Memberships. If the employer pays membership dues for employees, the process by which such dues are paid should be explained in the handbook. For example, some law firms pay bar association dues for all regular, full-time attorneys employed with the firm.
Notice-posting. Employers engaged in certain regulated activities that could involve hazards, use of specialized equipment, or exposure to hazardous substances must provide safety instructions to employees. This means information regarding the potential hazard and safety precautions applicable to the employees’ work. Moreover, all employers should affirm their commitment to safety in an employee handbook and inform employees that they will post all notices required by law.
Pay policies. A good employee handbook describes different employee classifications (e.g., exempt and non-exempt), defines a workweek and workday, describes pay periods, timekeeping, overtime, meal and rest periods, bonuses, commissions, and travel pay, and explains expense reimbursements and payroll deductions. An employee handbook should also state that non-exempt employees must record their time and should not work overtime without express prior approval from a supervisor. (Though this in itself will not relieve the employer of the obligation to pay for overtime, it is still a good idea for inclusion in the handbook.)
Quit (or resignation) procedure. Employers may outline procedures that become applicable if an employee resigns. For example, employers may seek the return of company property upon an employee’s resignation.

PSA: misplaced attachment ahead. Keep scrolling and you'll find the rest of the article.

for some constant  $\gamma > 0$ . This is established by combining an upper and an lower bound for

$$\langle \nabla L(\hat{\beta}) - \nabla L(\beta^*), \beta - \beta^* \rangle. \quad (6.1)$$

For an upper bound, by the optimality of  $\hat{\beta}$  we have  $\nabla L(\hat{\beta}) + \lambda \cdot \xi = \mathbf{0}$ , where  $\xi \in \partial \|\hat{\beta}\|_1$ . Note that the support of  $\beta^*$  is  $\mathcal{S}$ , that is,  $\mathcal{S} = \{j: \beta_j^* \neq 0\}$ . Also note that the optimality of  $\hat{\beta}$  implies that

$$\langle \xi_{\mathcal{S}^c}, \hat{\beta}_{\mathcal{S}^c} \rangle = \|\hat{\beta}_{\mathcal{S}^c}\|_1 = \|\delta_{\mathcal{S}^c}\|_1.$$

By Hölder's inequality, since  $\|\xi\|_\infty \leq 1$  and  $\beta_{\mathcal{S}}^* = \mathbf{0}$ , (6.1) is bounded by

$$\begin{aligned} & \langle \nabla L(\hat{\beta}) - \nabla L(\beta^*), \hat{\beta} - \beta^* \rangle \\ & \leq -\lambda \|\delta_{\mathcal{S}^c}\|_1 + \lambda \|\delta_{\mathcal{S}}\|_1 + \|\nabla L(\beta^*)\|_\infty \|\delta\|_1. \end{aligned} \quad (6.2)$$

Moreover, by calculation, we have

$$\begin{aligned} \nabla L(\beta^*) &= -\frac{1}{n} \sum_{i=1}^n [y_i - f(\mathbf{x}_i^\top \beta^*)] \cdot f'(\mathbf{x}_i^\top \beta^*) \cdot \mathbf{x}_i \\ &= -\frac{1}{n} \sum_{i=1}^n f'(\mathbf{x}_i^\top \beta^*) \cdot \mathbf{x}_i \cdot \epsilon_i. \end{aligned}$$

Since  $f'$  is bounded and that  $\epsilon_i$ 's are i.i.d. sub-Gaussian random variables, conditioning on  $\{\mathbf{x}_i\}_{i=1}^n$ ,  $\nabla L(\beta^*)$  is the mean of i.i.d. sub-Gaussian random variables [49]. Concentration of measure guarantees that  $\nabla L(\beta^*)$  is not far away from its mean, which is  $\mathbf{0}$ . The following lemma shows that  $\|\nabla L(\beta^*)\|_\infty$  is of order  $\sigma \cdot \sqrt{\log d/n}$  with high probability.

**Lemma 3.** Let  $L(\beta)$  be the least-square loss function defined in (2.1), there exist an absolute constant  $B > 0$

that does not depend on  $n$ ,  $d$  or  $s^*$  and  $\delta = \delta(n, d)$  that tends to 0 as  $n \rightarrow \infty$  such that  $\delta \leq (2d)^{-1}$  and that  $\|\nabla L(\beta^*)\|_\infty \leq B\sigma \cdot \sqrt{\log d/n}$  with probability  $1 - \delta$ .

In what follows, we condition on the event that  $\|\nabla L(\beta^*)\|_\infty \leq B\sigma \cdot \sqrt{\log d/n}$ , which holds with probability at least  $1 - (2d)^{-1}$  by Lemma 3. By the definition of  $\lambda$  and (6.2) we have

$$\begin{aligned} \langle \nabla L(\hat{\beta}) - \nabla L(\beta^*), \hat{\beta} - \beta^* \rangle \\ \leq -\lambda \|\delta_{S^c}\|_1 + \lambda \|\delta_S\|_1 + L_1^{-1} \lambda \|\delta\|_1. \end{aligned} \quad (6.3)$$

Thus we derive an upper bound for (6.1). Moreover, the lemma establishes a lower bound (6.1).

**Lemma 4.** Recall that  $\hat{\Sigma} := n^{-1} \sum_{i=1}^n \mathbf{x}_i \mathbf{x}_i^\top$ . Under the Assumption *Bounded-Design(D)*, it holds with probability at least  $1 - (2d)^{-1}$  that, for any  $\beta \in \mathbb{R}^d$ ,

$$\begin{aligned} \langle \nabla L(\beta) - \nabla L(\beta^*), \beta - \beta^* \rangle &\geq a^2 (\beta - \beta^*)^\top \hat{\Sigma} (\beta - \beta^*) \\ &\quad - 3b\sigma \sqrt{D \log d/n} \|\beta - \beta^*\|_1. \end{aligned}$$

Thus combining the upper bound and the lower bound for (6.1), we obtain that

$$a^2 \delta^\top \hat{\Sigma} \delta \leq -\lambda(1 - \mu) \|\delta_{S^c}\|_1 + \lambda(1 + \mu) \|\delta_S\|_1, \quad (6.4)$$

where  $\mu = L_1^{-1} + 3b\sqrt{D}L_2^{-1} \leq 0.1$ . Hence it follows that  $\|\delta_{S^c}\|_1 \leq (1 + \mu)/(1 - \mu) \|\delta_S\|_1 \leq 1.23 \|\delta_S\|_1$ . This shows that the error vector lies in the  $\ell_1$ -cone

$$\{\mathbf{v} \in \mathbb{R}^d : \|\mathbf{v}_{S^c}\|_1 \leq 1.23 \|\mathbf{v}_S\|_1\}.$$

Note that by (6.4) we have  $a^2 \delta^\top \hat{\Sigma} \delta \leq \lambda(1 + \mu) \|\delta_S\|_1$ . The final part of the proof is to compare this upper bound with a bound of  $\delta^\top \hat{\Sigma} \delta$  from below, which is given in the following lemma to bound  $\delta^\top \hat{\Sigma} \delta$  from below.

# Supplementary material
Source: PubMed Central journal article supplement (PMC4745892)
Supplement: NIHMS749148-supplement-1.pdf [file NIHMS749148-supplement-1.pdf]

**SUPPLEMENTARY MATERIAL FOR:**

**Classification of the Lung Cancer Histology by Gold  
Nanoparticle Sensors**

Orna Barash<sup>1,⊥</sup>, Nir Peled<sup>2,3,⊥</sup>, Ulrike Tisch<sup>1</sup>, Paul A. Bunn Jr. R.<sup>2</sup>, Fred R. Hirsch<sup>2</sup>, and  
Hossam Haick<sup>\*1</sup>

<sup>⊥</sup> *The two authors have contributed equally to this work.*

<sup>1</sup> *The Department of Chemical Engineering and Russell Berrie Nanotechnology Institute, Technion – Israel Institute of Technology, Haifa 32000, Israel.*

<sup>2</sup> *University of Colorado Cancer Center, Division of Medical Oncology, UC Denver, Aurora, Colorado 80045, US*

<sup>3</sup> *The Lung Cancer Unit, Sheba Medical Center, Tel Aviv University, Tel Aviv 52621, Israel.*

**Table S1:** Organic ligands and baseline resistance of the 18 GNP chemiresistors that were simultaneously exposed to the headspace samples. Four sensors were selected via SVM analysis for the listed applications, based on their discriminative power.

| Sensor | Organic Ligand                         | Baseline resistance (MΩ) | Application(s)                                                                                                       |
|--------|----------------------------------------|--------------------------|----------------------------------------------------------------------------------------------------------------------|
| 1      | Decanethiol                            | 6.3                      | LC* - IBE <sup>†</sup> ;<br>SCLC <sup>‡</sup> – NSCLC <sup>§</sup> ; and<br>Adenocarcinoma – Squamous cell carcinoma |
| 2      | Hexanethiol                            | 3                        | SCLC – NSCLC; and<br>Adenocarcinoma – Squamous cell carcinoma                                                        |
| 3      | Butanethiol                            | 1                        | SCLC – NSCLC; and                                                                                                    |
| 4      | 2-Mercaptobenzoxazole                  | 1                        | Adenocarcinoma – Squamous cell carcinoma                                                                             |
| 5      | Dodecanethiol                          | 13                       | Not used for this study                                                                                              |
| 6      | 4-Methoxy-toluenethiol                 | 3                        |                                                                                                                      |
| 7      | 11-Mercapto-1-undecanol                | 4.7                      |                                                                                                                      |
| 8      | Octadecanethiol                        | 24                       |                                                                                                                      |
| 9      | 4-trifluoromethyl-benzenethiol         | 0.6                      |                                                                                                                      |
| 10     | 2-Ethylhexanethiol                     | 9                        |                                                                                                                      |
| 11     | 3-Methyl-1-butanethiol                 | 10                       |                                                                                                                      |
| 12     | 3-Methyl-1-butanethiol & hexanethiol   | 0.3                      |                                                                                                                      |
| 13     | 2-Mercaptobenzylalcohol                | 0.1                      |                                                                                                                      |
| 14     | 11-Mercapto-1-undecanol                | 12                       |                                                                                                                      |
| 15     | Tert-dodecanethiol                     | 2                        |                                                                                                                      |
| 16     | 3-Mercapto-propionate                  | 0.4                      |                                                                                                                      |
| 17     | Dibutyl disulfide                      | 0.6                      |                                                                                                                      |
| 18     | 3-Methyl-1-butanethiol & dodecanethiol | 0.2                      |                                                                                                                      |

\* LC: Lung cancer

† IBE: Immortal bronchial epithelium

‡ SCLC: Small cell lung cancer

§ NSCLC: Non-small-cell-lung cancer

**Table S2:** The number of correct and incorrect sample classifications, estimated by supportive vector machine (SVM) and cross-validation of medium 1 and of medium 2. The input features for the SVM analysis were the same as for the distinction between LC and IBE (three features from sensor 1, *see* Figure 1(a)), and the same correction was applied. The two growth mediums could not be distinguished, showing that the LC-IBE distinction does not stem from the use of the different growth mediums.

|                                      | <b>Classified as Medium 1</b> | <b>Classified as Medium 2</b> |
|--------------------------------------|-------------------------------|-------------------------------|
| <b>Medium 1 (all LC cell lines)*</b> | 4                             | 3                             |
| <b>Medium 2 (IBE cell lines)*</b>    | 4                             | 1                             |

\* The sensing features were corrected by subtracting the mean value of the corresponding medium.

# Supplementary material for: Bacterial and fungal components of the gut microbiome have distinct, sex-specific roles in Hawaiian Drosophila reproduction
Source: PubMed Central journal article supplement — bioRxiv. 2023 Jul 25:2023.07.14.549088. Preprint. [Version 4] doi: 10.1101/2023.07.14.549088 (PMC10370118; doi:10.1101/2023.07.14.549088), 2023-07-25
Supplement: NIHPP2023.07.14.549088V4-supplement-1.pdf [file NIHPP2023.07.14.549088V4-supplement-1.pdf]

Receipt. The acknowledgement of receipt of the handbook is briefly discussed above under “employment relationship.” It should be drafted as a contract, in which the employee agrees to the employment relationship and how the terms and conditions of employment can be modified. For example, the employer may draft the receipt such that the terms and conditions of employment can only be modified by a writing signed by the employee and a designated company officer.
Standards of performance, discipline, and termination. The handbook should make explicit all standards regarding job performance, discipline, and termination. For example, the handbook should identify whom employees should report to when they will be absent or late, and the consequences of failure to comply with such standards.
Table of contents. A table of contents and/or index will make the information in an employee handbook easier for employees to locate.
Unemployment compensation entitlement. Employers should inform employees that unemployment insurance provides benefits for persons unemployed through no fault of their own. As a result, employees will generally be eligible to receive benefits only if they are laid off due to lack of work, terminated for reasons other than work-related misconduct, or if they quit for reasons amounting to good cause under the law (and after taking reasonable steps to solve the problem).